Monday, May 3, 2010

Immaculate Transmission Revisited

Over in VoxEU, Song, Storesletten and Zilibotti treat us to yet another explanation for China’s immense current account surplus, and as usual one that assigns the primary role to that country’s net savings. In this case the culprit is a bifurcated credit market that prevents Chinese investors from sinking their funds into the most profitable domestic enterprises. I will spare you the details; the giveaway/throwaway line is this one: “As a consequence, a growing share of domestic savings is invested abroad and this generates a capital account deficit and matching current account surplus.”

And how exactly does it generate the current account surplus? Why does the export of Chinese finance return in the form of net Chinese exports? Earlier in the article they denied that exchange rates have anything to do with it, so what other channel do they propose?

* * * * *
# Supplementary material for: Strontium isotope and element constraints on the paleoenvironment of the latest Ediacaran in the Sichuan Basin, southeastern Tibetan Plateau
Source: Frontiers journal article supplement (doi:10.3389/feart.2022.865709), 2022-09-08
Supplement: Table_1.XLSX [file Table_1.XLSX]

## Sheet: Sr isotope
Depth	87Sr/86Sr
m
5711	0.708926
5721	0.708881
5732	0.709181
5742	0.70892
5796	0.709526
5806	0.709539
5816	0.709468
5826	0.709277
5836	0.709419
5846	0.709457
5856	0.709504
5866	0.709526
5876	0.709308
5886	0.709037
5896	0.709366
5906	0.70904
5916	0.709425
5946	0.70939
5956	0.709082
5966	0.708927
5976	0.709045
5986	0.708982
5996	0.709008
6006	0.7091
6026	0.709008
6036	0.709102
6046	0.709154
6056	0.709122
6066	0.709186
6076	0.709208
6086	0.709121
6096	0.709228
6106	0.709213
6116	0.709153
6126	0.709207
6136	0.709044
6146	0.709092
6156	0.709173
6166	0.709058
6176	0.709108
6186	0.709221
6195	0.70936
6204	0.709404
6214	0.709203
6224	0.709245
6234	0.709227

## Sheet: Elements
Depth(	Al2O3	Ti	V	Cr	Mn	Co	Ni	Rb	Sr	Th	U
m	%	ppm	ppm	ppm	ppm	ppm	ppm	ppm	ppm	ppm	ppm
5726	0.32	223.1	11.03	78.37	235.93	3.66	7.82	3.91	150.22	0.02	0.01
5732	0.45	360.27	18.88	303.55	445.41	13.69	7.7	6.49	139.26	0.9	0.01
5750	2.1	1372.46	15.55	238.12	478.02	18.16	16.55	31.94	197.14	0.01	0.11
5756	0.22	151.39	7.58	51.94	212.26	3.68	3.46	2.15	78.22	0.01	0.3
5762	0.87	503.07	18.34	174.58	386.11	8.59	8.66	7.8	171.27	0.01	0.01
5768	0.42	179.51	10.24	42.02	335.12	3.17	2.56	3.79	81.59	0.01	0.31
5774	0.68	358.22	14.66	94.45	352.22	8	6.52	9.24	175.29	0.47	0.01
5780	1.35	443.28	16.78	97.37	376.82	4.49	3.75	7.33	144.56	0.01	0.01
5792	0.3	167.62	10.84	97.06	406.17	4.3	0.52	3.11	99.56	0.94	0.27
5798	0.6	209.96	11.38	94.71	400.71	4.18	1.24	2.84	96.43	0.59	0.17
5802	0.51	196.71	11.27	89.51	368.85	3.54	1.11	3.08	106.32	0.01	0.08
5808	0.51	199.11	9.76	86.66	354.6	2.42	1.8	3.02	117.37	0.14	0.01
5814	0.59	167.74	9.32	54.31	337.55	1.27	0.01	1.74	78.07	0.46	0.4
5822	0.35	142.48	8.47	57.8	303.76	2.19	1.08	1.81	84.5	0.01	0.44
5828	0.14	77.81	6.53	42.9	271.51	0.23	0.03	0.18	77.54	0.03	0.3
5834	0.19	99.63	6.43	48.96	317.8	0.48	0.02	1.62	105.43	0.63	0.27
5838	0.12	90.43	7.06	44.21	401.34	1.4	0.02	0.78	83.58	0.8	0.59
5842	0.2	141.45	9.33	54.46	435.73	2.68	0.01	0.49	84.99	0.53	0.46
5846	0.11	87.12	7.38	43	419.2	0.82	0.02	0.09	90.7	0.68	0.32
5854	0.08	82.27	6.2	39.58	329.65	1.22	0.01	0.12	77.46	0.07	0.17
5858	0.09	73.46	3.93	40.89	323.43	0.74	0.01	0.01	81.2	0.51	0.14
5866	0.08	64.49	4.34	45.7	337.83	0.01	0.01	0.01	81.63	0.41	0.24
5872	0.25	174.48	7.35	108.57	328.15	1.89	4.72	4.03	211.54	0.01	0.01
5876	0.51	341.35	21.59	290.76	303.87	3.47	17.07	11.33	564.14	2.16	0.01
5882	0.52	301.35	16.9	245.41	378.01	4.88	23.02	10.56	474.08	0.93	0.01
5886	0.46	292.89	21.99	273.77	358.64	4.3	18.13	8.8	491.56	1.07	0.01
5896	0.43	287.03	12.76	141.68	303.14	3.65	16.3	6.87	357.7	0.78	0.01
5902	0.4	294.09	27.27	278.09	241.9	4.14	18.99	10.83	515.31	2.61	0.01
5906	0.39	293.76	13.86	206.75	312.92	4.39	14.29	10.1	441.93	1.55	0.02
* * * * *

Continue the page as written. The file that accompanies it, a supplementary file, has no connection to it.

This is based on a forthcoming article in the AER, which means that a few reviewers there must have been asleep at the wheel. Looks like an easy outlet to publish in; I should give it a try.

3 comments:

dodz said...

he he he 1st to comment good luck.. i like your site it speak to economic.

Suzan said...

Thanks for posting this as I'm trying to follow this logic path myself with some difficulty.

May I blogroll you?

Fabulous site (as you well know).

Suzan

Jimbo said...

Haven't read their article so I suppose I shouldn't comment but China is aggressively investing large amounts of capital in resource extracting enterprises (and associated infrastructure)in places like Africa in order to ship those resources back to China to then manufacture new exports. Massive direct foreign investment in resource extraction abroad may attenuate the pure influence of exchange rate manipulation in the trade accounts.